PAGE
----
Space Ballet: 2 Neptune Moons Perform an Unusual Orbital Dance

Neptune's two innermost moons are locked in an unusual "dance of avoidance," with their perfect choreography ensuring the moons never get too close to each other.

That's a tricky feat, since their orbital paths are separated by just 1,150 miles (1,850 kilometers). But the moons themselves never come closer than within 2,200 miles (3,450 kilometers) — a few hundred miles shorter than the width of the U.S. 

If an observer looks at the moons' orbits edge-on, they would see the moon Naiad dip above and below its neighbor Thalassa because of its slightly tilted orbit. In addition, their dances align so that for every 69 orbits of Thalassa, Naiad orbits 73 times. Then, their choreography begins again from the beginning. 

Related: Photos of Neptune, The Mysterious Blue Planet

"We refer to this repeating pattern as a resonance," lead author Marina Brozovic, a solar system dynamicist at NASA's Jet Propulsion Laboratory in California, said in a statement. "There are many different types of 'dances' that planets, moons and asteroids can follow, but this one has never been seen before."

An animation shows the paths of Naiad and Thalassa around Neptune. (Image credit: NASA/JPL-Caltech)

Resonances are common among moons of the giant planets, but typically, these relationships are simpler than the one between Thalassa and Naiad. Jupiter, Saturn, Uranus and Neptune collectively have dozens of these worlds to interact. Some of these moons formed with the planets, while some are former asteroids captured by the immense gravity of these planets.

Neptune has 14 confirmed moons. Naiad and Thalassa are both on the small side, each only 60 miles (100 km) long. Studies suggest that Neptune's moon system had a big change when it captured the giant moon Triton, which caused a lot of chaos (and debris from moon collisions) that eventually coalesced into newer moons and rings.

"We suspect that Naiad was kicked into its tilted orbit by an earlier interaction with one of Neptune's other inner moons," Brozovic said. "Only later, after its orbital tilt was established, could Naiad settle into this unusual resonance with Thalassa."

Astronomers studied the dance using the Hubble Space Telescope. The moons' motions are not only interesting to look at, but also provide information about the interior composition of Neptune's inner moons, the team said. Their orbital motions let astronomers compute the mass of these moons, which appear to have densities close to that of water ice.

The research was published Wednesday (Nov. 13) in the journal Icarus, and is also available in the preprint format on

Follow Elizabeth Howell on Twitter @howellspace. Follow us on Twitter @Spacedotcom and on Facebook.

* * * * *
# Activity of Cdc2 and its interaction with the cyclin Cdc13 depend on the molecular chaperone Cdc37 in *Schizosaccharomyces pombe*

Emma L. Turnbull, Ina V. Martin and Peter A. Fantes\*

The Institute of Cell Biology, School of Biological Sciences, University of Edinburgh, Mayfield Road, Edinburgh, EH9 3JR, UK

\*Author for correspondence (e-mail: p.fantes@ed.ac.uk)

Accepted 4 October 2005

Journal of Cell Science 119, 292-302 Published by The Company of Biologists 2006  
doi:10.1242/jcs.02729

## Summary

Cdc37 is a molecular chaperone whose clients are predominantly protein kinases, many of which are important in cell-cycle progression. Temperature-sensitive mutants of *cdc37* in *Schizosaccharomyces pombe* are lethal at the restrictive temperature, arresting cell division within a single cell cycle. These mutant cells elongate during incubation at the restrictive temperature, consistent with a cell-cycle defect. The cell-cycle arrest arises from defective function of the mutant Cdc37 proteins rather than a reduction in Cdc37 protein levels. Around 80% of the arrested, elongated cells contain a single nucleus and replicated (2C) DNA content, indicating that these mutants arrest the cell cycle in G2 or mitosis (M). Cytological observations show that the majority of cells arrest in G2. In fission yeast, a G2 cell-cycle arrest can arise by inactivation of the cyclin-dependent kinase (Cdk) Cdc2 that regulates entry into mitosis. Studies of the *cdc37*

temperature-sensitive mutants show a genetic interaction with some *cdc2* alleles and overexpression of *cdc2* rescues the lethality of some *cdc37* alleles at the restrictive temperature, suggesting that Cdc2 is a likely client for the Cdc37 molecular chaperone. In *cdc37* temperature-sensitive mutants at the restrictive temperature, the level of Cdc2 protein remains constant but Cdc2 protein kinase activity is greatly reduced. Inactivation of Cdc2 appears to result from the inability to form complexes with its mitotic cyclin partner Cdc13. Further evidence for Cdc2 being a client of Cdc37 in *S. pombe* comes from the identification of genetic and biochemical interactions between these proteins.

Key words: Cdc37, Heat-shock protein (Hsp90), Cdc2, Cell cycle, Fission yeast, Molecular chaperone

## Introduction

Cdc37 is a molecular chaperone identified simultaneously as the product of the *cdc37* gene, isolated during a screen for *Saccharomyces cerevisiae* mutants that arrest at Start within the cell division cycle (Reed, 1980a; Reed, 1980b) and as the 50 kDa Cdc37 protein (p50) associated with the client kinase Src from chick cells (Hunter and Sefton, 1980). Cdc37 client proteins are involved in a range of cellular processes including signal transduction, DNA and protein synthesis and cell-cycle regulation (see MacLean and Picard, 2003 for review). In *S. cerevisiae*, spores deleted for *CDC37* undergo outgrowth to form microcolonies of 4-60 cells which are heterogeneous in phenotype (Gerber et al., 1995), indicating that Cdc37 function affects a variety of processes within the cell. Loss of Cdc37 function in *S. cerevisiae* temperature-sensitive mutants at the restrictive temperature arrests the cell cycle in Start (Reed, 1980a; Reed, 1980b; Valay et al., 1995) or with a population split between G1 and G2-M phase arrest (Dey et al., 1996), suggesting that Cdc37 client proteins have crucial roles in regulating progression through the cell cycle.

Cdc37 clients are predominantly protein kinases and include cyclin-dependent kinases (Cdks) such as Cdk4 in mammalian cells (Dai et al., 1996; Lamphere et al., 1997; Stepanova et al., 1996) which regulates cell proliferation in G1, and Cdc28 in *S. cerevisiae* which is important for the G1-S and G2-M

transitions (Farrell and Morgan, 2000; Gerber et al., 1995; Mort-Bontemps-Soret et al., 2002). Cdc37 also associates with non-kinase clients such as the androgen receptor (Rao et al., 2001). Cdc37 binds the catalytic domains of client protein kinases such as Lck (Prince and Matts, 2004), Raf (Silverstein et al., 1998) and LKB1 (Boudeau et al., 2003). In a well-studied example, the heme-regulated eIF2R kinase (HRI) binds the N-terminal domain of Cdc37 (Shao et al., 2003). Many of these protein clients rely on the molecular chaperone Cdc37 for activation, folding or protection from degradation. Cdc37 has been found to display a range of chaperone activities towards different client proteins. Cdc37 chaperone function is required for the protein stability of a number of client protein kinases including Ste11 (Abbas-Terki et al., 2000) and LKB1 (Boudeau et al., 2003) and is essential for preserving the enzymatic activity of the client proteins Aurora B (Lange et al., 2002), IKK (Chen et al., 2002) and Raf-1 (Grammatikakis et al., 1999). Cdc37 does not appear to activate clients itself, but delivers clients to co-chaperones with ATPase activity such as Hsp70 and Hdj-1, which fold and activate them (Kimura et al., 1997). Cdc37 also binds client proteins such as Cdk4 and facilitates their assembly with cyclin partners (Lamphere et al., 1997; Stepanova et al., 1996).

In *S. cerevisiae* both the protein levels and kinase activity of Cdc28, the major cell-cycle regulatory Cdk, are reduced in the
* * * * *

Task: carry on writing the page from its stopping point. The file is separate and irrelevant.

All About Space Holiday 2019

Need more space? Subscribe to our sister title "All About Space" Magazine for the latest amazing news from the final frontier! (Image credit: All About Space)

Join our Space Forums to keep talking space on the latest missions, night sky and more! And if you have a news tip, correction or comment, let us know at:

Elizabeth Howell
Staff Writer, Spaceflight

Elizabeth Howell (she/her), Ph.D., is a staff writer in the spaceflight channel since 2022 covering diversity, education and gaming as well. She was contributing writer for for 10 years before joining full-time. Elizabeth's reporting includes multiple exclusives with the White House and Office of the Vice-President of the United States, an exclusive conversation with aspiring space tourist (and NSYNC bassist) Lance Bass, speaking several times with the International Space Station, witnessing five human spaceflight launches on two continents, flying parabolic, working inside a spacesuit, and participating in a simulated Mars mission. Her latest book, "Why Am I Taller?", is co-written with astronaut Dave Williams. Elizabeth holds a Ph.D. and M.Sc. in Space Studies from the University of North Dakota, a Bachelor of Journalism from Canada's Carleton University and a Bachelor of History from Canada's Athabasca University. Elizabeth is also a post-secondary instructor in communications and science at several institutions since 2015; her experience includes developing and teaching an astronomy course at Canada's Algonquin College (with Indigenous content as well) to more than 1,000 students since 2020. Elizabeth first got interested in space after watching the movie Apollo 13 in 1996, and still wants to be an astronaut someday. Mastodon:

  • rod
    After reading the report and cited reference, it seems that the long term stability of this orbital configuration - may not show it can remain stable over some 4.5 billion years or more, NASA Finds Neptune Moons... There are various reports too on the age of Saturn ring system too indicated issues with long age and long time stability. Triton retrograde orbit is always interesting topic.